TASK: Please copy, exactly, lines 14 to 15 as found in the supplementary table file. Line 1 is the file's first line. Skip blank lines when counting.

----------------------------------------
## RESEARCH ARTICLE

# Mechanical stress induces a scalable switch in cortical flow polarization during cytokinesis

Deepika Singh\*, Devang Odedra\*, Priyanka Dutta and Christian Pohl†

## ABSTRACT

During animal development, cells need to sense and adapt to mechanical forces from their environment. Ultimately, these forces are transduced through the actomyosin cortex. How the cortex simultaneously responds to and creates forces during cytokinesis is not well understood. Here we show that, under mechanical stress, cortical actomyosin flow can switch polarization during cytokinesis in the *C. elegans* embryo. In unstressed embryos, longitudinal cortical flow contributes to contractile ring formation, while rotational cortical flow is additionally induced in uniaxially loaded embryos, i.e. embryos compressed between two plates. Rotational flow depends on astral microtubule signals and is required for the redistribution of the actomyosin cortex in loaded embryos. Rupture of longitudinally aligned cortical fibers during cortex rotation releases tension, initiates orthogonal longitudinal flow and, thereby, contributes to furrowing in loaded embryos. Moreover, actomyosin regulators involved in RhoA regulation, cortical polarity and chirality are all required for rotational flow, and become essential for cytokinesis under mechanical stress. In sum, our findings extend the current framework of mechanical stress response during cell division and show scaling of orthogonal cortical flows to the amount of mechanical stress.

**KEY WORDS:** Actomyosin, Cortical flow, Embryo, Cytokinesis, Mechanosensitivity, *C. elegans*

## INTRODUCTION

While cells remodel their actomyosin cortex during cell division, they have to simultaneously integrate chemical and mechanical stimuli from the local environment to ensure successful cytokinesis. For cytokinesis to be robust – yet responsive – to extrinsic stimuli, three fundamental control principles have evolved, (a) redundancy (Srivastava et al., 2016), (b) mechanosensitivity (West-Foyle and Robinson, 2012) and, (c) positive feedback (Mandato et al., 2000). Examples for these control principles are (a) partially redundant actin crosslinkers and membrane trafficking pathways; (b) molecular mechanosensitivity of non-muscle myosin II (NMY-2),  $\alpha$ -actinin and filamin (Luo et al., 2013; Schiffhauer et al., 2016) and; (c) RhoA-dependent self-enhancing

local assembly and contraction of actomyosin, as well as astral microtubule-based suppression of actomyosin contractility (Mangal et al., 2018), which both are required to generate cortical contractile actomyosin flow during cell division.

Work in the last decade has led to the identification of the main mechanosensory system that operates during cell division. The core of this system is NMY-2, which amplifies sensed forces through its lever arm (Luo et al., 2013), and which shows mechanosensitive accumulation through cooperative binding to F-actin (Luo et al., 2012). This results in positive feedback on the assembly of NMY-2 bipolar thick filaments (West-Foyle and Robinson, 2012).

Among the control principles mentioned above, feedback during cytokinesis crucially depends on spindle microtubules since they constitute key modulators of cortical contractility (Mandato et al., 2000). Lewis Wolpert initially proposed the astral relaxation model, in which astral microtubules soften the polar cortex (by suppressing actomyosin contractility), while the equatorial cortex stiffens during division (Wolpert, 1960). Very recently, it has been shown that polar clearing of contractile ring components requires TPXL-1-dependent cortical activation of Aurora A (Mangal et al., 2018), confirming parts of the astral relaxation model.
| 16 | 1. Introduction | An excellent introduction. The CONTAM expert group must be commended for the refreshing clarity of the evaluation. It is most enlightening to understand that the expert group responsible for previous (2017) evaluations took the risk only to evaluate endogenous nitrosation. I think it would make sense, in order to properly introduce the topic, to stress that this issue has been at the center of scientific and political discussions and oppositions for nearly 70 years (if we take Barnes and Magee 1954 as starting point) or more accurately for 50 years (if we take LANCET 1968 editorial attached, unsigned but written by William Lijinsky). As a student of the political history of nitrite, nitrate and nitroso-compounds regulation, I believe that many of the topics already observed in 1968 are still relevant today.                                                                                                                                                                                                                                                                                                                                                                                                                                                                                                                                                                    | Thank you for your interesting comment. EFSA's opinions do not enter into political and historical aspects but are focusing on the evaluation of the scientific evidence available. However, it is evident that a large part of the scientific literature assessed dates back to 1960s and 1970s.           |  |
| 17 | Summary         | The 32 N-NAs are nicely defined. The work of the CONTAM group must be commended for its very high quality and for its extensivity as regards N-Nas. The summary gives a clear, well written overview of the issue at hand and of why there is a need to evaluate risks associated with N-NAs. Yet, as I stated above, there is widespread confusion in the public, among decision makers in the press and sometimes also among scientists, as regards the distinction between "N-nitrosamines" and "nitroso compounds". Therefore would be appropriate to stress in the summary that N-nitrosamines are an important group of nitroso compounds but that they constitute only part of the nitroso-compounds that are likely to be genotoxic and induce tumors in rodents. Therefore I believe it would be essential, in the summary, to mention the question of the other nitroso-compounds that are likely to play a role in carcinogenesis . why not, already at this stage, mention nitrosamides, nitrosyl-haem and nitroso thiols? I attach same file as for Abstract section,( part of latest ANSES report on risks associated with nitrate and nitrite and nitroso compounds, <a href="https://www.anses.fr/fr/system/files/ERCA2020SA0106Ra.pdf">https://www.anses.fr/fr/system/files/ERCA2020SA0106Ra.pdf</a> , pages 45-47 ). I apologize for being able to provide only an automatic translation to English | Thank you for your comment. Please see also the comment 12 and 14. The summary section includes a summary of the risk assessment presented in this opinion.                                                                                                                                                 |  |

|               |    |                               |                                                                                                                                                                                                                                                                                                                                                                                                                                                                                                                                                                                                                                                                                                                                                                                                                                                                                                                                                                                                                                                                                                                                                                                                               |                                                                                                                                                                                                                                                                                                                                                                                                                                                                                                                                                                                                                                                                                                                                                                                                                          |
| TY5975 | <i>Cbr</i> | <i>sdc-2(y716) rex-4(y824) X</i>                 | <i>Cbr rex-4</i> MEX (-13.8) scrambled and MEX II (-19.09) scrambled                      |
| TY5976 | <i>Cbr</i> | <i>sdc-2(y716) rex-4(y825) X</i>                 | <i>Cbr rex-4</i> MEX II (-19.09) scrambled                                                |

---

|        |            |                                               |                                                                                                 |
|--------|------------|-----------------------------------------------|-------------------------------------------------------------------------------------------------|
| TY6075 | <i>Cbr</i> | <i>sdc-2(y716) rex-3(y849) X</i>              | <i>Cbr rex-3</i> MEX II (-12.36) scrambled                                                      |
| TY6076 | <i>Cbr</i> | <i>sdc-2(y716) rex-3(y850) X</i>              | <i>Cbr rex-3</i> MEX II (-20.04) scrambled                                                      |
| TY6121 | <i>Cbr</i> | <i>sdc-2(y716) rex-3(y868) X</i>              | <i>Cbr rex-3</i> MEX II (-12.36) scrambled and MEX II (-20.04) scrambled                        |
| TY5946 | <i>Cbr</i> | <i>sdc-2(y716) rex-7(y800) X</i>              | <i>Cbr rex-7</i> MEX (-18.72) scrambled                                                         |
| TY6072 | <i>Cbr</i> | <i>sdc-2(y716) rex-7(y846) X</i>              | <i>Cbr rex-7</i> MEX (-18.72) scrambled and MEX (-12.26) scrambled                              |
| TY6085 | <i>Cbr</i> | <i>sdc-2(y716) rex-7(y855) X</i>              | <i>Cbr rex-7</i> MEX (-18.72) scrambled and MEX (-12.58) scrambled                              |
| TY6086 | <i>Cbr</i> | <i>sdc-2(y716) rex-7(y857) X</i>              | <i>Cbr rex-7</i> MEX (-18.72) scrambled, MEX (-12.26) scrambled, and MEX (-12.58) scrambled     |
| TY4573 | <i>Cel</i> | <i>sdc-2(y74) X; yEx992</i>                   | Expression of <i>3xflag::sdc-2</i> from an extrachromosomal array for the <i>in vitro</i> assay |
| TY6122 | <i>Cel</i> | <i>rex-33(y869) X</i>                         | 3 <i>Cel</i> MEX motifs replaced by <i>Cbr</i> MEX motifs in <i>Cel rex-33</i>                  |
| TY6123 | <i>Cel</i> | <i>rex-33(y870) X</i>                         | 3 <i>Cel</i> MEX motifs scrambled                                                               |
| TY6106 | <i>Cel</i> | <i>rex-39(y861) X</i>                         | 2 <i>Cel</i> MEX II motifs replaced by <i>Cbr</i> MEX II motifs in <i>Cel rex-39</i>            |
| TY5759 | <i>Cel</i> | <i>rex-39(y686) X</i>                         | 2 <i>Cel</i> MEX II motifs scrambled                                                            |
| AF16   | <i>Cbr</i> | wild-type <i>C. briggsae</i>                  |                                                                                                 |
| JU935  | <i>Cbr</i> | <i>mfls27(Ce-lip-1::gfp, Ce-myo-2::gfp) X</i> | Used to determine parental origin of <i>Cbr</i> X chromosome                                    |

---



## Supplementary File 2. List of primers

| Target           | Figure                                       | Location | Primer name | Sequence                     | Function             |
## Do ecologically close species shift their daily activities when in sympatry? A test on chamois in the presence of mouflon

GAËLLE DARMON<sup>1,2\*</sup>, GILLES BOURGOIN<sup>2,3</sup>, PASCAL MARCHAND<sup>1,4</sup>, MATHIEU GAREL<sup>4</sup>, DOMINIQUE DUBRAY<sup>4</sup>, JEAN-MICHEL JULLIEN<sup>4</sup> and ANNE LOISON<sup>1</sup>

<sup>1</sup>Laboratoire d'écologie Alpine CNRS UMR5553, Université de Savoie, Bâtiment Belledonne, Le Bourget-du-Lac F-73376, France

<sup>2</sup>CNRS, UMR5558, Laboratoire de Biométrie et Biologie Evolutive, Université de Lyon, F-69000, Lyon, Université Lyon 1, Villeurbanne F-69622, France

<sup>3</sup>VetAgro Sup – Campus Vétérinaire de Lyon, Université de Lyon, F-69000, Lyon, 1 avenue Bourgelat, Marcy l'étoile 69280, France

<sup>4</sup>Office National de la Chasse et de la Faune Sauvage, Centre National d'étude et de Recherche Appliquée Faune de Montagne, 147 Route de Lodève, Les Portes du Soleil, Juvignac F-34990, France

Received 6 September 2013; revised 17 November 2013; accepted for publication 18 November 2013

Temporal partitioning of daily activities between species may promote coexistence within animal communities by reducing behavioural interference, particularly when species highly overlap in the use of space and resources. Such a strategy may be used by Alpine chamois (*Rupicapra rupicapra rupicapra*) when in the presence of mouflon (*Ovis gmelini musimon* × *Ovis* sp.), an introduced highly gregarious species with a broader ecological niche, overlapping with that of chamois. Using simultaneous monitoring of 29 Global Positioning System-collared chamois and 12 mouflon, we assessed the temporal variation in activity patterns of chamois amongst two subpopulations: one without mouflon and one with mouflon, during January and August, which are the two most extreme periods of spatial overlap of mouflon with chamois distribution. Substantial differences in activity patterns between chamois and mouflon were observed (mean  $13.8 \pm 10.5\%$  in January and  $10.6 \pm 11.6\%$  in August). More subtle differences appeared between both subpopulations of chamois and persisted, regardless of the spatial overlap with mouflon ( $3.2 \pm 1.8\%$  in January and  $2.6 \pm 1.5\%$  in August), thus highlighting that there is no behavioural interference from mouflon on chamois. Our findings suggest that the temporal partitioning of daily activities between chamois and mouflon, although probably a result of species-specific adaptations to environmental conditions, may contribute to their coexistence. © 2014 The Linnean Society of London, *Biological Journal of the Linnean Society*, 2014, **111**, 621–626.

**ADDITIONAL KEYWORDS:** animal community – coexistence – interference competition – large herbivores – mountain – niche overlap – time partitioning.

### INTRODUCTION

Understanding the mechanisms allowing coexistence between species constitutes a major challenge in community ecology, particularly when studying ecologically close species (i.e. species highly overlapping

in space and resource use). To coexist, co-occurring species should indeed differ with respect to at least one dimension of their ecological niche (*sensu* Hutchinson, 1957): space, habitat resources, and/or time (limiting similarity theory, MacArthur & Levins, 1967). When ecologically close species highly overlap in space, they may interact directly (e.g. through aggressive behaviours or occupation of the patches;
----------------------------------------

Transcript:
|               |    |                               |                                                                                                                                                                                                                                                                                                                                                                                                                                                                                                                                                                                                                                                                                                                                                                                                                                                                                                                                                                                                                                                                                                                                                                                                               |                                                                                                                                                                                                                                                                                                                                                                                                                                                                                                                                                                                                                                                                                                                                                                                                                          |
| TY5975 | <i>Cbr</i> | <i>sdc-2(y716) rex-4(y824) X</i>                 | <i>Cbr rex-4</i> MEX (-13.8) scrambled and MEX II (-19.09) scrambled                      |